From the foregoing, it may be determined that the present apparatus can provide backup CPU data synchronization in a time minimization process. All external messages received by the backup CPU subsequent to the commencement of data synchronization, that are to be processed by the primary CPU, are stored in a message list of the backup CPU. Check-point message data is intelligently stored by first deleting related external messages from message list storage and then creating a record if none exists and filling only those fields referenced in the check-point message. If, on the other hand, a record does exist, only the check-point message data fields are altered in that existing record. When a data synchronization record is received by the backup CPU, a check is made to see if such a record has already been created by a check-point message. If not, a record is created in the backup CPU database and all the fields are made to correspond with the received data synchronization record message. If such a record is found, only those fields not already containing check-point data are filled from the received data synchronization record message. In this manner a single pass through the primary CPUs database is sufficient to obtain data synchronization of the backup CPU.
The invention as shown and described above illustrates operation in a group communication environment, also referred to as virtual synchrony or reliable broadcast. More information on group communication and reliable broadcast may be found in the book entitled (Distributed Systems, authored by Sape Mullender, ACM Press, pp. 97-138, 465-470, 478-481), incorporated herein by reference. Some facets of the invention as shown and described are only required in a group communication environment. One such facet is joining process groups, and another facet is having each processor maintain a list of messages that have not been processed. However, the basic check-pointing mechanism of this invention will operate in more simply structured prior art fault tolerant active-standby systems that do not incorporate virtual synchrony.
It should be noted that the present invention may be used in a virtual synchrony system that provides “total order”, such as the Totem system (Communications of the ACM, April 1996, pp. 54-63). Such a total order system may be used to achieve perfect synchronization so that no transactions or data are lost when the active processor is shut down or fails.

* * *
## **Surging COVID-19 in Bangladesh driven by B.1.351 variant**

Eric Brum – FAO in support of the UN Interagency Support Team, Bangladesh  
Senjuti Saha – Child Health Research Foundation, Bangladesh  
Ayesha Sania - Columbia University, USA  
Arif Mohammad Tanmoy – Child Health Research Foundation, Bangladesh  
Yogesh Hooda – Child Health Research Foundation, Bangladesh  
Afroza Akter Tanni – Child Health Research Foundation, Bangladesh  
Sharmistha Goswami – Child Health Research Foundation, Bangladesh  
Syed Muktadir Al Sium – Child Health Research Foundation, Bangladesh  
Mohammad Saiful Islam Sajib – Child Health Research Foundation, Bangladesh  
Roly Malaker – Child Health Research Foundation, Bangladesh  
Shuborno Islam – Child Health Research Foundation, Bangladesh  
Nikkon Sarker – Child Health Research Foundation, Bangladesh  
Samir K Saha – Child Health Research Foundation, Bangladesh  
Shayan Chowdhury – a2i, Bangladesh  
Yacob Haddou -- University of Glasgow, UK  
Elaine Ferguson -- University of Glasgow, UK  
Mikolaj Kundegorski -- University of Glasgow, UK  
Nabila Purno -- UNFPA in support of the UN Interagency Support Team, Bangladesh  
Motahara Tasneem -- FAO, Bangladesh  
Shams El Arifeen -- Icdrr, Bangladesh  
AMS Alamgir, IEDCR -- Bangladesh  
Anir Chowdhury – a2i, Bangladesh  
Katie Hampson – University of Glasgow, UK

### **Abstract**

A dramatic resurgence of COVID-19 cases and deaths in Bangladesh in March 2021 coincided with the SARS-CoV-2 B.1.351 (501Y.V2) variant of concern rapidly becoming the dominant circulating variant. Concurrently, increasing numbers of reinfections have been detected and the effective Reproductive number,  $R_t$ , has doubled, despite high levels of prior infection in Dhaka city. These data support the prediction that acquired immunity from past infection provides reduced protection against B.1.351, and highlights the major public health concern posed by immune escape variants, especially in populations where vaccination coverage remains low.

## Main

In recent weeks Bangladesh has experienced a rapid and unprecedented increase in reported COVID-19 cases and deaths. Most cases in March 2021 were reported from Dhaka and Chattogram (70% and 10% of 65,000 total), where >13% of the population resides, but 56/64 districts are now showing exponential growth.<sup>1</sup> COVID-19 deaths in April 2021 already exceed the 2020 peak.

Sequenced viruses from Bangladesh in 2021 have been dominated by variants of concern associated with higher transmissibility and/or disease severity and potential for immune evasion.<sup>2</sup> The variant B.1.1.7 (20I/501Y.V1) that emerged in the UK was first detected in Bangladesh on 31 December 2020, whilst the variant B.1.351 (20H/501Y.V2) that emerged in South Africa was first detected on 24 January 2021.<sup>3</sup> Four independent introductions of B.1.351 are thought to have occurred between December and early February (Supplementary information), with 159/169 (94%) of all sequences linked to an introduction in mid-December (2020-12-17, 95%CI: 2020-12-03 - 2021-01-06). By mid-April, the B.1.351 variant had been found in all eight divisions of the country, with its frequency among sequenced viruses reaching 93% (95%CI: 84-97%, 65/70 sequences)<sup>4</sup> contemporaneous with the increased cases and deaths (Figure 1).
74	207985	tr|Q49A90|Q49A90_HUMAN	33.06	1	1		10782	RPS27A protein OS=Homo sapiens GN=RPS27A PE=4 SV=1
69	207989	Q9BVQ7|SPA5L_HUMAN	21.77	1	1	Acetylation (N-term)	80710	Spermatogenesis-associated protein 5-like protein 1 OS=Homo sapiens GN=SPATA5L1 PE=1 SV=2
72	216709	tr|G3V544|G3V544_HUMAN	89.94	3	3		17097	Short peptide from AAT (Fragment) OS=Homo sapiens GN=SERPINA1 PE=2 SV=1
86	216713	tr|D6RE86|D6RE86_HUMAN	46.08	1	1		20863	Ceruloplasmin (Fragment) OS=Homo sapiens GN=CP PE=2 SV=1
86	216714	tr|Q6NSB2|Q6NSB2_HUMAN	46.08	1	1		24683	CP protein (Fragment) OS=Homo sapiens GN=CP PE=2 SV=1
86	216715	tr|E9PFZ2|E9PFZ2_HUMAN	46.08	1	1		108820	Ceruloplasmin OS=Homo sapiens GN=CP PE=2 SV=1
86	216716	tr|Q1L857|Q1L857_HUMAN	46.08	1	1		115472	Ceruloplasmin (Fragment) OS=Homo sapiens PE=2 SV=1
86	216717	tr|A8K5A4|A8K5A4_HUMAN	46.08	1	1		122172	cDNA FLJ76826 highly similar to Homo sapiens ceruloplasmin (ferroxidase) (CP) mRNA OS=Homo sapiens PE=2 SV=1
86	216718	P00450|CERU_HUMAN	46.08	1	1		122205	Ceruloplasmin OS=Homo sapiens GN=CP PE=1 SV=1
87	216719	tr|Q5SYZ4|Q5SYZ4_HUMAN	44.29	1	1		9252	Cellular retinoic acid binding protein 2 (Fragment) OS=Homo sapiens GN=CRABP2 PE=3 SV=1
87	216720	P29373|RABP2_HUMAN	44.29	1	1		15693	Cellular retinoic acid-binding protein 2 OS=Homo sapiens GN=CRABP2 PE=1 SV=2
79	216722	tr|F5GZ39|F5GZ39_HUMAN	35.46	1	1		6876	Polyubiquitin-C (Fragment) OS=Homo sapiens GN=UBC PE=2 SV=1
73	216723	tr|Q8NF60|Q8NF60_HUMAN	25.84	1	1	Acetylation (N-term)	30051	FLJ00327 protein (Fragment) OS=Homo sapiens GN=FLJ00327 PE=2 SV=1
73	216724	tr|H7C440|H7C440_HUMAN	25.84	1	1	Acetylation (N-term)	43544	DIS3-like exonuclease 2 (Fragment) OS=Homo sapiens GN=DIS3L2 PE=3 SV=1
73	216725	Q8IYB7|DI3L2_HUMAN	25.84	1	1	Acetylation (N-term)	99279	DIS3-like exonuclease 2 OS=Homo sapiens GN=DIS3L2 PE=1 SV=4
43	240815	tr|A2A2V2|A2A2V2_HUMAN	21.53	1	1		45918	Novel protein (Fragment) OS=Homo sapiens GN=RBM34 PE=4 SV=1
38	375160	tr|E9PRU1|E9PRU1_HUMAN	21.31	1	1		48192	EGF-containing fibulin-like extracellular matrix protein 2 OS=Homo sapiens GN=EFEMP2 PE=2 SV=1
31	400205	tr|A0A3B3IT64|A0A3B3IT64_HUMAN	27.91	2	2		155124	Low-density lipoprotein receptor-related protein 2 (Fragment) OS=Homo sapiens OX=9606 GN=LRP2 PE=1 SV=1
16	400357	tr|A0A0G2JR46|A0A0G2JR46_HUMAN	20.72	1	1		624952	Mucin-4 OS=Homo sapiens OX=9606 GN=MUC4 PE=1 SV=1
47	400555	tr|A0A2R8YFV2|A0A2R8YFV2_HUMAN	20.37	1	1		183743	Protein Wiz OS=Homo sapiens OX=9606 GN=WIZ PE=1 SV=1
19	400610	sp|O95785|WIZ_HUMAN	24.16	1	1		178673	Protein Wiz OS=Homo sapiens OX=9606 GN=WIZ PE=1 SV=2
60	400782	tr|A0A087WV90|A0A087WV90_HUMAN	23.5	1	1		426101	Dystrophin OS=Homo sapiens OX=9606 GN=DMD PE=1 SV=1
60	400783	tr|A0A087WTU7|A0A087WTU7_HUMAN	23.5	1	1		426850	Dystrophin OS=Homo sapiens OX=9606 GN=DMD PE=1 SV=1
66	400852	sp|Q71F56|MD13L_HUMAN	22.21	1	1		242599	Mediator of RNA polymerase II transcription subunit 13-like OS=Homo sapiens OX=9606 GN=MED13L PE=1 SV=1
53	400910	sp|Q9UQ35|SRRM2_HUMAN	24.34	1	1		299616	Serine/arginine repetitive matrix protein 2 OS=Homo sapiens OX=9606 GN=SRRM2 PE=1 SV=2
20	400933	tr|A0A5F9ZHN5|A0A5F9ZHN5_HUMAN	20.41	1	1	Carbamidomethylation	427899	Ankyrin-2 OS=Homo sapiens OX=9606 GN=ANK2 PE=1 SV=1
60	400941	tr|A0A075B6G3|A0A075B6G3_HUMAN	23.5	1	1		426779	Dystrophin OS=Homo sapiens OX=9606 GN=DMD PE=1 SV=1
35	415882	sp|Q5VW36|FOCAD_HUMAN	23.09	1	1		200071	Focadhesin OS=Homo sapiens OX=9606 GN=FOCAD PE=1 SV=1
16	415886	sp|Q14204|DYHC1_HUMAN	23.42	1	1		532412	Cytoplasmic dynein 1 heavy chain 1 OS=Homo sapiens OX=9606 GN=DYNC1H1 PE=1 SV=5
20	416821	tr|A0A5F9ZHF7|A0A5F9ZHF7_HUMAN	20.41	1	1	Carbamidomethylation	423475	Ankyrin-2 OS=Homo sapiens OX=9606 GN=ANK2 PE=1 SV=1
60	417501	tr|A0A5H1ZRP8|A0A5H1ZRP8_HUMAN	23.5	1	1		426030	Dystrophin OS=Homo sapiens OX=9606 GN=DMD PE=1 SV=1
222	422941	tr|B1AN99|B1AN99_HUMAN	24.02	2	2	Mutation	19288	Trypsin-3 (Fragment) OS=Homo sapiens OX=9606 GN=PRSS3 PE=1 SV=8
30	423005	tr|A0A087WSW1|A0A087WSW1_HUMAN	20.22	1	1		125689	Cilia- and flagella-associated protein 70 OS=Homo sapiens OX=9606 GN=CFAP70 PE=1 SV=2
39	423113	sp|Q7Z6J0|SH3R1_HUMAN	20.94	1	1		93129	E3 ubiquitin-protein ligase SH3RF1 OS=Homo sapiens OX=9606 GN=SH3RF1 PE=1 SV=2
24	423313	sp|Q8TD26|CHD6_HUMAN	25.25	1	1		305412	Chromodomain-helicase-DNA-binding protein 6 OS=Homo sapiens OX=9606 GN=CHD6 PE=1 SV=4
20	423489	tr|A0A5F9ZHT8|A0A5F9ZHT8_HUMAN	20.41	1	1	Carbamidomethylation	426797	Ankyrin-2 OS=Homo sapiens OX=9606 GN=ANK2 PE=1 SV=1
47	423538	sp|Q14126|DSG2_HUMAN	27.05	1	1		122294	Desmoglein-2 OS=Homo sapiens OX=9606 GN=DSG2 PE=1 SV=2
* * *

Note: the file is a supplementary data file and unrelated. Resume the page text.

It should be further noted that some fault tolerant systems have multiple primary CPUs. In such systems, each primary CPU handles a subset of the transactions and updates the other primary CPUs with checkpoints, as opposed to the more standard primary/backup systems described above. Multiple primary CPUs do not work well with prior art check-pointing systems. However the present invention works correctly with either single or multiple primary CPUs with no alterations. The use of multiple primary CPUs, however, does require the use of a totally ordered virtual synchrony system.
Although the invention has been described with reference to a specific cellular telephone embodiment, these descriptions are not meant to be construed in a limiting sense. Various modifications of the disclosed embodiments, as well as alternative embodiments of the invention, will become apparent to persons skilled in the art upon reference to the description of the invention. It is therefore, contemplated that the claims will cover any such modifications or embodiments that fall within the true scope and spirit of the invention. Such alternate embodiments include having more than one backup CPU as well as having different backup CPUs for different processes of the primary CPU. Further while the drawing of FIG. 1 only shows one database and message list for the primary CPU, the invention includes the situation where the CPU 12 is multitasking many different processes each having its own list of process messages and separate databases.
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|U.S. Classification||1/1, 707/E17.032, 707/999.204, 707/999.202|
|Cooperative Classification||Y10S707/99953, Y10S707/99955, G06F2201/80, G06F11/2038, G06F11/2048, G06F11/2097|